Topics: Turnbull Government’s reforms to keep private health insurance premiums affordable, Australia Day
The Federal Health Minister, Greg Hunt, joins us on the line. Minister, good morning.
Good morning, Steve.
What’s the plan to keep more people privately insured? How are you going to do that?
So, there are two big things. Firstly, as you say, everybody wants to be able to understand what their private health involves by simplifying it so there are no surprises.
I think the big shock for many people is when they discover that something which they thought had been covered isn’t covered. So, we’re creating a really simple system – gold, silver, bronze, basic.
That will include a one page statement as to what’s in and what’s out, so as right from the outset and at any time you consult your private health, you can understand that.
The second is to continue to drive to keep premiums as low as possible. We’re likely to have the lowest increase in 17 years since 2001 off the back of the biggest reforms in over a decade. And that’s about providing better mental health access for people, taking a billion dollars out of costs, and also ensuring that we have very, very clear definitions. The simplification that we’re talking about.
But every dollar is extremely hard for families, so we’re just going to continue to drive it further, the lowest in 17 years but always looking to take pressure off.
The industry wouldn’t wear being tied to inflation?
Well, it’s a private industry. We don’t regulate the prices. What we can do is put enormous pressure on, which we’ve done, which is how we’ve got to the lowest since 2001.
But similarly, we try to take the pressure off. One of the big things that I want to work on is the problem of private patients in public hospitals where people have very legitimate needs but sometimes many of the public would have had experiences where you have state governments chasing people for their private health for items which should ordinarily be covered by the public system. That drives up the cost of the private health. It also drives up public waiting lists.
So, it’s a very unfortunate practice. Legitimate role for private patients in public hospitals but not for aggressively harvesting them. So, that’s the next big thing to work with the states and to push them on those practices because it blows out waiting lists and it drives up premiums.
It seems to me that the industry over the years has tried to make it as complicated as possible. I mean, whenever I’ve tried to report on private health insurance over the years it’s very difficult to explain to people exactly what they’re covered for.
Yeah. Well, that’s why this change, the simplification is absolutely necessary. Just too many people have had the experience that they get a shock, they get a surprise, they thought they were covered. And so…
But I’ve got top level, why wouldn’t I be covered for everything?
Well, what everybody should have is complete knowledge of what’s in and what’s not in. And there hasn’t been a simple one page process. There hasn’t been a categorisation into gold, silver, bronze, and basic. That’s the change that we’re making.
All of the insurers have agreed to do that for the first time. And to have common terms because I guess it’s a bit like mobile phone plans where you can have terms which just don’t stack up when you try to compare one policy with another, so as you can see your hips and knees are in or they’re out, and then everyone gets the choice.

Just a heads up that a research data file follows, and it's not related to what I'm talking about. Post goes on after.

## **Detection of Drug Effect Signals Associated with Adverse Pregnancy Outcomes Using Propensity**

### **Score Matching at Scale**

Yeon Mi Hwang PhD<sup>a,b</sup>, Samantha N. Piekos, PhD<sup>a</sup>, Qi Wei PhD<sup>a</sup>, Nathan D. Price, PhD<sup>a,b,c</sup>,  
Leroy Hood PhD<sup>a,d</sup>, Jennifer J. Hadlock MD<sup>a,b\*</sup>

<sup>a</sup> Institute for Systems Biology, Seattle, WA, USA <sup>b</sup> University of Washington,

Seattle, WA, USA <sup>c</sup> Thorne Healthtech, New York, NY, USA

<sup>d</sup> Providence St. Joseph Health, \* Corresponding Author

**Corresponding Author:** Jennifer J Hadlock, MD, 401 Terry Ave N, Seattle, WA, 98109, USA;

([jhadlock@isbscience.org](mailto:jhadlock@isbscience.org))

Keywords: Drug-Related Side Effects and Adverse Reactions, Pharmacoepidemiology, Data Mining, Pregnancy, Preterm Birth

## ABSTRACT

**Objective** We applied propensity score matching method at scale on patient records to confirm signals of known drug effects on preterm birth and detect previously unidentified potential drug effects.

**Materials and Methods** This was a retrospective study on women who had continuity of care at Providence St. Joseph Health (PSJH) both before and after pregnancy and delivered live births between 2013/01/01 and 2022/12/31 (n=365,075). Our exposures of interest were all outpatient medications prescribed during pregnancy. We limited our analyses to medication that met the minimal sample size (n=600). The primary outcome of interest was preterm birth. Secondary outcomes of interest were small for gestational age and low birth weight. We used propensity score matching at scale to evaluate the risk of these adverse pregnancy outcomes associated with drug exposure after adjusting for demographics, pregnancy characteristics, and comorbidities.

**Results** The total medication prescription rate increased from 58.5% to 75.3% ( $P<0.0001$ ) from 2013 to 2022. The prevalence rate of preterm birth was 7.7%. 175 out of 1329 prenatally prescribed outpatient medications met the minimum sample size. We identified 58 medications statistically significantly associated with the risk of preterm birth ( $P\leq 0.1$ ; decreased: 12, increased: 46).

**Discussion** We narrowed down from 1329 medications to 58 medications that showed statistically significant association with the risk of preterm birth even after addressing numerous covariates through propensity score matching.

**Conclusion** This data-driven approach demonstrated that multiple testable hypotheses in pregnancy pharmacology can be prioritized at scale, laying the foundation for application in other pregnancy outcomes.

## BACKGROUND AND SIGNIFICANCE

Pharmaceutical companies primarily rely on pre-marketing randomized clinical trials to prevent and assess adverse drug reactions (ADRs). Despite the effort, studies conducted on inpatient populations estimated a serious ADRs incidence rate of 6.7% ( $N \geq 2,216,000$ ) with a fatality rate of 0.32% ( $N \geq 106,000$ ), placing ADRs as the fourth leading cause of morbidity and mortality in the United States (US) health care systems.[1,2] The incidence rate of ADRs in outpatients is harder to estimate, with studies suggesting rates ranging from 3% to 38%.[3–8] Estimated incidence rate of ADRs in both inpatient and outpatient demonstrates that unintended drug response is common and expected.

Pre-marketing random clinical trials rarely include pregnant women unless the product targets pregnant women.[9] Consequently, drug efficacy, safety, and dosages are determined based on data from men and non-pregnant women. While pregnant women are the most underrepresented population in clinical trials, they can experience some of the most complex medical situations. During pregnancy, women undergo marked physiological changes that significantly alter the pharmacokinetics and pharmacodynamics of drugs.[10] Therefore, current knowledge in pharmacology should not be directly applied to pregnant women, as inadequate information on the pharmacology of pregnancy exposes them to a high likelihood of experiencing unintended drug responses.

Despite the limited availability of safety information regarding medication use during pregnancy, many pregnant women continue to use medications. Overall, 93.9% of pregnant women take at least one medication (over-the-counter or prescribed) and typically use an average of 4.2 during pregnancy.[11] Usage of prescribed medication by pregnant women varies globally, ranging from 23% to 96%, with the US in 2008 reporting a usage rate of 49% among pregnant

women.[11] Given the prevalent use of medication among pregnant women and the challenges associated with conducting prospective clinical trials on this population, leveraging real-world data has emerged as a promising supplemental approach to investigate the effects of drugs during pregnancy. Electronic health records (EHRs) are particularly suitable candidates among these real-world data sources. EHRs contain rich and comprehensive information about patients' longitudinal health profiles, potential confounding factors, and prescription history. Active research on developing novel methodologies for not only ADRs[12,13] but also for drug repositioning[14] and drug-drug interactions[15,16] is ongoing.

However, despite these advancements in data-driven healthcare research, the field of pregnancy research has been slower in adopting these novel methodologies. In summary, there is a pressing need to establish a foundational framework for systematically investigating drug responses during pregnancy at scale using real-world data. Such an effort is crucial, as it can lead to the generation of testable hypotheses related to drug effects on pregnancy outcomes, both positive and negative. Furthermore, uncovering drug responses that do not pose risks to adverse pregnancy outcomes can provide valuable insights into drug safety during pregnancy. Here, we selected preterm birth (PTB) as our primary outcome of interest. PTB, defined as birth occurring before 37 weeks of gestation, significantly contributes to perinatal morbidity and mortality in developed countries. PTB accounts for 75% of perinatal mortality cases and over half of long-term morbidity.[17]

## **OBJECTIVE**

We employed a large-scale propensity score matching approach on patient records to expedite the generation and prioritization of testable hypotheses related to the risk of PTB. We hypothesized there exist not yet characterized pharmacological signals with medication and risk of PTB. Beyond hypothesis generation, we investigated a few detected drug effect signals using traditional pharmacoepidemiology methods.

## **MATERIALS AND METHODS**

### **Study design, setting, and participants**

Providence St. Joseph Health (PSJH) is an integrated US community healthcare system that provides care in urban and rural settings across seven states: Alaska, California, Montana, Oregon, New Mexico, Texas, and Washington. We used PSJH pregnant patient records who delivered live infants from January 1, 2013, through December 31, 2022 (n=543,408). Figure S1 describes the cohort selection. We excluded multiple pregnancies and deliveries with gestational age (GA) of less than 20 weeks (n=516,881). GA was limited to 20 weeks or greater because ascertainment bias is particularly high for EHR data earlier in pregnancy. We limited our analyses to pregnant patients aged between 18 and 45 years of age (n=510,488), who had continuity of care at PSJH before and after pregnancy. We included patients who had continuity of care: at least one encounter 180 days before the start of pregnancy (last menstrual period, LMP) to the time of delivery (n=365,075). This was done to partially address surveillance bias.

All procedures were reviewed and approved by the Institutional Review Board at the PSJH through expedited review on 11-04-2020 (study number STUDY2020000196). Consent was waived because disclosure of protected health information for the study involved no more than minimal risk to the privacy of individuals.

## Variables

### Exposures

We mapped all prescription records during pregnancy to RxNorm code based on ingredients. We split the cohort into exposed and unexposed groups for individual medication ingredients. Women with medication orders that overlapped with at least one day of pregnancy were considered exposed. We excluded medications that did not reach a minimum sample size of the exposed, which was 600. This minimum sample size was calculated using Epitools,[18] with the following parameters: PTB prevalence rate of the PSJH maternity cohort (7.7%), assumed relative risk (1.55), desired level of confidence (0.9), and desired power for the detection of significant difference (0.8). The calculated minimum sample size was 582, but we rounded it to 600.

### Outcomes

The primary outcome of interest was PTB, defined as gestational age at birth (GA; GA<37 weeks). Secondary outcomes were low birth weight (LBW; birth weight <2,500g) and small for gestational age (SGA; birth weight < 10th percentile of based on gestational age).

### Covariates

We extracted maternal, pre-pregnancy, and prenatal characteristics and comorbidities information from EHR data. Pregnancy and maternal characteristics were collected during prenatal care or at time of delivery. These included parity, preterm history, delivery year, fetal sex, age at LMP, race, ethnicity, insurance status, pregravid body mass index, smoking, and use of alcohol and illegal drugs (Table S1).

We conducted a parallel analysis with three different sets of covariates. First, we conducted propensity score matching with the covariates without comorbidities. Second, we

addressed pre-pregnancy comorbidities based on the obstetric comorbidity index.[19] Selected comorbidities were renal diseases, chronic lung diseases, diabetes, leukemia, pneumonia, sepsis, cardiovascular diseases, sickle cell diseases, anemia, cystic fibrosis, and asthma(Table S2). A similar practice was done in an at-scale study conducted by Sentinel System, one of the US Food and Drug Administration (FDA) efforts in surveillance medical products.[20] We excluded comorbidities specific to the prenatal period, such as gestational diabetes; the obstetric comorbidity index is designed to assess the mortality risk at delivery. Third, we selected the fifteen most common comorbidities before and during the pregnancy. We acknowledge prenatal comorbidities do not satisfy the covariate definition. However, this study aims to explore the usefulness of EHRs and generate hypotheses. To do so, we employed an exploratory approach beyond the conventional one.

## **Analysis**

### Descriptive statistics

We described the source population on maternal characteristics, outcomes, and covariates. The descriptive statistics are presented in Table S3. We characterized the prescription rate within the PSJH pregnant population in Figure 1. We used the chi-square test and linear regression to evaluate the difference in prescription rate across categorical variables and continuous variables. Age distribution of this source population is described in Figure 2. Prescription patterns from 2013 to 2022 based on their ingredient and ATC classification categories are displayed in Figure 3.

Australians absolutely value their private health, so delivering the lowest change in 17 years is an important start but continuing to drive those costs down.
Interestingly, the Labor opposition has a proposal to strip away doctor choice for lower income people, and to drive up premiums by about 16 per cent. They won’t talk about it in those terms but that would take private health out of the hands of just hundreds of thousands if not millions of Australians.
Which just overwhelms the public system. And we’ve had its situation in the past where private health funds are charging 60-year-old women coverage for getting pregnant, for example. I mean, how do you put a stop to that sort of thing?
Well, that’s why we need for the first time – and I think it’s very important to say that – a major reform of the mandatory simplification of gold, silver, bronze, where we will expect every private health insurer for every policy to boil it down, to simplify it, and have it in a way that’s completely comparable, and so you can look at that and say clearly – I do need access for hips and knees, I don’t need access for pregnancy.
Just finally before you go – nice to speak with you – the Prime Minister yesterday called on Bill Shorten to come out and support 26 January as Australia Day. You’d repeat that call? Do we know where Bill Shorten stands on this national holiday?
No. Look, I strongly support Australia Day both as a concept and as the date. Deeply, strongly.
And the vast majority of Australians look at that and celebrate what we’ve achieved as a country. That’s why people want to come here from around the world because we’ve got an extraordinary country, always challenges.
Mr Shorten seems uncertain. He’s caught between the left-wing, the Green-wing, and the mainstream Australian view.
And it comes down to values. Either you know or you don’t know. Do you believe in the country and believe in what we’ve achieved?
Always with challenges, but Australia is one of the world’s great multicultural diverse societies.
More to do but boy, why is it that people want to come here from around the world? Because we’ve created something magnificent and worth celebrating.
Good on you, nice to talk to you, thanks a lot.